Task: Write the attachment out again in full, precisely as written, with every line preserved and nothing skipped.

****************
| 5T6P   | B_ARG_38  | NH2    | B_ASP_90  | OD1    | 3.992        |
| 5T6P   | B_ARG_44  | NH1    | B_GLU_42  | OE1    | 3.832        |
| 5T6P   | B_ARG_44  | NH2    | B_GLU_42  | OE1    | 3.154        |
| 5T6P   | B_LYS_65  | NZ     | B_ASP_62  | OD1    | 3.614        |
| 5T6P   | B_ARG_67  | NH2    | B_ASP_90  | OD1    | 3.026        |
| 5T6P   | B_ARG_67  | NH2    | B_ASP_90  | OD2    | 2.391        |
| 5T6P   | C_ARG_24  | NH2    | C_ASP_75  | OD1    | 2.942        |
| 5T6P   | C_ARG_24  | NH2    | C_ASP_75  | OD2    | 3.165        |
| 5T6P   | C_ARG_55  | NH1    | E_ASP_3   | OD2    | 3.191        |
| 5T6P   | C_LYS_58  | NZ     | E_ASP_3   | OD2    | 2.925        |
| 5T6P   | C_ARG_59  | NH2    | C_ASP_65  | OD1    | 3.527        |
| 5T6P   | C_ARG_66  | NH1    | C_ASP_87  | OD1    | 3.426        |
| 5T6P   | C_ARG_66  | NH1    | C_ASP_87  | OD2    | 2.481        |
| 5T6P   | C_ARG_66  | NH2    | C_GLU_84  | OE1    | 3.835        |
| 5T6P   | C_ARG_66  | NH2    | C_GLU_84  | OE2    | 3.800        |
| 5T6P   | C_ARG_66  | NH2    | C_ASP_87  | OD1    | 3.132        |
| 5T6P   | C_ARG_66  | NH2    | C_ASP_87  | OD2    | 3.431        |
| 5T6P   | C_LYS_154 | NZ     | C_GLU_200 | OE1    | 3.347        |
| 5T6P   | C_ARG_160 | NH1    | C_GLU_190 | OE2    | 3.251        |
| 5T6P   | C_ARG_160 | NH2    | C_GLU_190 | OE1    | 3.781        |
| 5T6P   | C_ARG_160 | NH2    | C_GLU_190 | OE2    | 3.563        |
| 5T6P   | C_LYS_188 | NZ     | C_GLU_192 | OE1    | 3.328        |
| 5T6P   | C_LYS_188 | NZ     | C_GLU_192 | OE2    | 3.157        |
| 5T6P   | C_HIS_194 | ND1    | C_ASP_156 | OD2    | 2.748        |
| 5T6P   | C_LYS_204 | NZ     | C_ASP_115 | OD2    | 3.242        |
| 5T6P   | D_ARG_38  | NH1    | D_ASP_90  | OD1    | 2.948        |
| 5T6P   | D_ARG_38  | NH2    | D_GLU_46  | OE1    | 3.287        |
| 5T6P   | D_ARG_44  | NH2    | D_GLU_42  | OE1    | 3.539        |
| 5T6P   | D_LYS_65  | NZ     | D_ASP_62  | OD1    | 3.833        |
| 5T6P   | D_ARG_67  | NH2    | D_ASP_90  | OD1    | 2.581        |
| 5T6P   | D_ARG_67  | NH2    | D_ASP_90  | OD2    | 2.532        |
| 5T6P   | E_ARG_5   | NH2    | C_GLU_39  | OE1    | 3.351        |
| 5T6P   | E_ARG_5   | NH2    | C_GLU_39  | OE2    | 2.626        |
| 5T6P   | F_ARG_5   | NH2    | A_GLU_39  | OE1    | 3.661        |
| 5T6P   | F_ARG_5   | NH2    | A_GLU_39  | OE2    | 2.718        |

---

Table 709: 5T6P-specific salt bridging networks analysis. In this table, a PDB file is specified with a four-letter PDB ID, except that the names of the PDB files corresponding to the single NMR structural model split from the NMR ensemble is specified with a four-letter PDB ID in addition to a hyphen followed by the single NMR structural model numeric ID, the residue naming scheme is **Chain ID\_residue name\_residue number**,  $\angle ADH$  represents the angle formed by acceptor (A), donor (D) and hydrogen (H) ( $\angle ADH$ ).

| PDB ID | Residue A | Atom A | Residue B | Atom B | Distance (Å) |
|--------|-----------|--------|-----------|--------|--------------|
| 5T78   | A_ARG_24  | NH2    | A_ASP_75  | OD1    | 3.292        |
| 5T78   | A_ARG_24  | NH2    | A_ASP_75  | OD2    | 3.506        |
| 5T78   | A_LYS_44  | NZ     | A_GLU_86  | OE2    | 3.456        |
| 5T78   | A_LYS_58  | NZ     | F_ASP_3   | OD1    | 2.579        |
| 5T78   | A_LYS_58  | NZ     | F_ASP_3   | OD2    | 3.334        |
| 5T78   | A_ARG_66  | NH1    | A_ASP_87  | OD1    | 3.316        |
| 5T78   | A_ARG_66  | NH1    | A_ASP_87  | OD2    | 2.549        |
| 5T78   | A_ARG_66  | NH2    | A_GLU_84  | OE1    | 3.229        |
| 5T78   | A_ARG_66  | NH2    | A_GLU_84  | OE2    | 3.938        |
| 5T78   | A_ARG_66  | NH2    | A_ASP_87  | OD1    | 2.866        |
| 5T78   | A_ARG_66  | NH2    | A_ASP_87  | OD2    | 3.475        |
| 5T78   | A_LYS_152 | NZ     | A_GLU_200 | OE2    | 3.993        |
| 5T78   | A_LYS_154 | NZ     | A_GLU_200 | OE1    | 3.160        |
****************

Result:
| 5T6P   | B_ARG_38  | NH2    | B_ASP_90  | OD1    | 3.992        |
| 5T6P   | B_ARG_44  | NH1    | B_GLU_42  | OE1    | 3.832        |
| 5T6P   | B_ARG_44  | NH2    | B_GLU_42  | OE1    | 3.154        |
| 5T6P   | B_LYS_65  | NZ     | B_ASP_62  | OD1    | 3.614        |
| 5T6P   | B_ARG_67  | NH2    | B_ASP_90  | OD1    | 3.026        |
| 5T6P   | B_ARG_67  | NH2    | B_ASP_90  | OD2    | 2.391        |
| 5T6P   | C_ARG_24  | NH2    | C_ASP_75  | OD1    | 2.942        |
| 5T6P   | C_ARG_24  | NH2    | C_ASP_75  | OD2    | 3.165        |
| 5T6P   | C_ARG_55  | NH1    | E_ASP_3   | OD2    | 3.191        |
| 5T6P   | C_LYS_58  | NZ     | E_ASP_3   | OD2    | 2.925        |
| 5T6P   | C_ARG_59  | NH2    | C_ASP_65  | OD1    | 3.527        |
| 5T6P   | C_ARG_66  | NH1    | C_ASP_87  | OD1    | 3.426        |
| 5T6P   | C_ARG_66  | NH1    | C_ASP_87  | OD2    | 2.481        |
| 5T6P   | C_ARG_66  | NH2    | C_GLU_84  | OE1    | 3.835        |
| 5T6P   | C_ARG_66  | NH2    | C_GLU_84  | OE2    | 3.800        |
| 5T6P   | C_ARG_66  | NH2    | C_ASP_87  | OD1    | 3.132        |
| 5T6P   | C_ARG_66  | NH2    | C_ASP_87  | OD2    | 3.431        |
| 5T6P   | C_LYS_154 | NZ     | C_GLU_200 | OE1    | 3.347        |
| 5T6P   | C_ARG_160 | NH1    | C_GLU_190 | OE2    | 3.251        |
| 5T6P   | C_ARG_160 | NH2    | C_GLU_190 | OE1    | 3.781        |
| 5T6P   | C_ARG_160 | NH2    | C_GLU_190 | OE2    | 3.563        |
| 5T6P   | C_LYS_188 | NZ     | C_GLU_192 | OE1    | 3.328        |
| 5T6P   | C_LYS_188 | NZ     | C_GLU_192 | OE2    | 3.157        |
| 5T6P   | C_HIS_194 | ND1    | C_ASP_156 | OD2    | 2.748        |
| 5T6P   | C_LYS_204 | NZ     | C_ASP_115 | OD2    | 3.242        |
| 5T6P   | D_ARG_38  | NH1    | D_ASP_90  | OD1    | 2.948        |
| 5T6P   | D_ARG_38  | NH2    | D_GLU_46  | OE1    | 3.287        |
| 5T6P   | D_ARG_44  | NH2    | D_GLU_42  | OE1    | 3.539        |
| 5T6P   | D_LYS_65  | NZ     | D_ASP_62  | OD1    | 3.833        |
| 5T6P   | D_ARG_67  | NH2    | D_ASP_90  | OD1    | 2.581        |
| 5T6P   | D_ARG_67  | NH2    | D_ASP_90  | OD2    | 2.532        |
| 5T6P   | E_ARG_5   | NH2    | C_GLU_39  | OE1    | 3.351        |
| 5T6P   | E_ARG_5   | NH2    | C_GLU_39  | OE2    | 2.626        |
| 5T6P   | F_ARG_5   | NH2    | A_GLU_39  | OE1    | 3.661        |
| 5T6P   | F_ARG_5   | NH2    | A_GLU_39  | OE2    | 2.718        |

---

Table 709: 5T6P-specific salt bridging networks analysis. In this table, a PDB file is specified with a four-letter PDB ID, except that the names of the PDB files corresponding to the single NMR structural model split from the NMR ensemble is specified with a four-letter PDB ID in addition to a hyphen followed by the single NMR structural model numeric ID, the residue naming scheme is **Chain ID\_residue name\_residue number**,  $\angle ADH$  represents the angle formed by acceptor (A), donor (D) and hydrogen (H) ( $\angle ADH$ ).

| PDB ID | Residue A | Atom A | Residue B | Atom B | Distance (Å) |
|--------|-----------|--------|-----------|--------|--------------|
| 5T78   | A_ARG_24  | NH2    | A_ASP_75  | OD1    | 3.292        |
| 5T78   | A_ARG_24  | NH2    | A_ASP_75  | OD2    | 3.506        |
| 5T78   | A_LYS_44  | NZ     | A_GLU_86  | OE2    | 3.456        |
| 5T78   | A_LYS_58  | NZ     | F_ASP_3   | OD1    | 2.579        |
| 5T78   | A_LYS_58  | NZ     | F_ASP_3   | OD2    | 3.334        |
| 5T78   | A_ARG_66  | NH1    | A_ASP_87  | OD1    | 3.316        |
| 5T78   | A_ARG_66  | NH1    | A_ASP_87  | OD2    | 2.549        |
| 5T78   | A_ARG_66  | NH2    | A_GLU_84  | OE1    | 3.229        |
| 5T78   | A_ARG_66  | NH2    | A_GLU_84  | OE2    | 3.938        |
| 5T78   | A_ARG_66  | NH2    | A_ASP_87  | OD1    | 2.866        |
| 5T78   | A_ARG_66  | NH2    | A_ASP_87  | OD2    | 3.475        |
| 5T78   | A_LYS_152 | NZ     | A_GLU_200 | OE2    | 3.993        |
| 5T78   | A_LYS_154 | NZ     | A_GLU_200 | OE1    | 3.160        |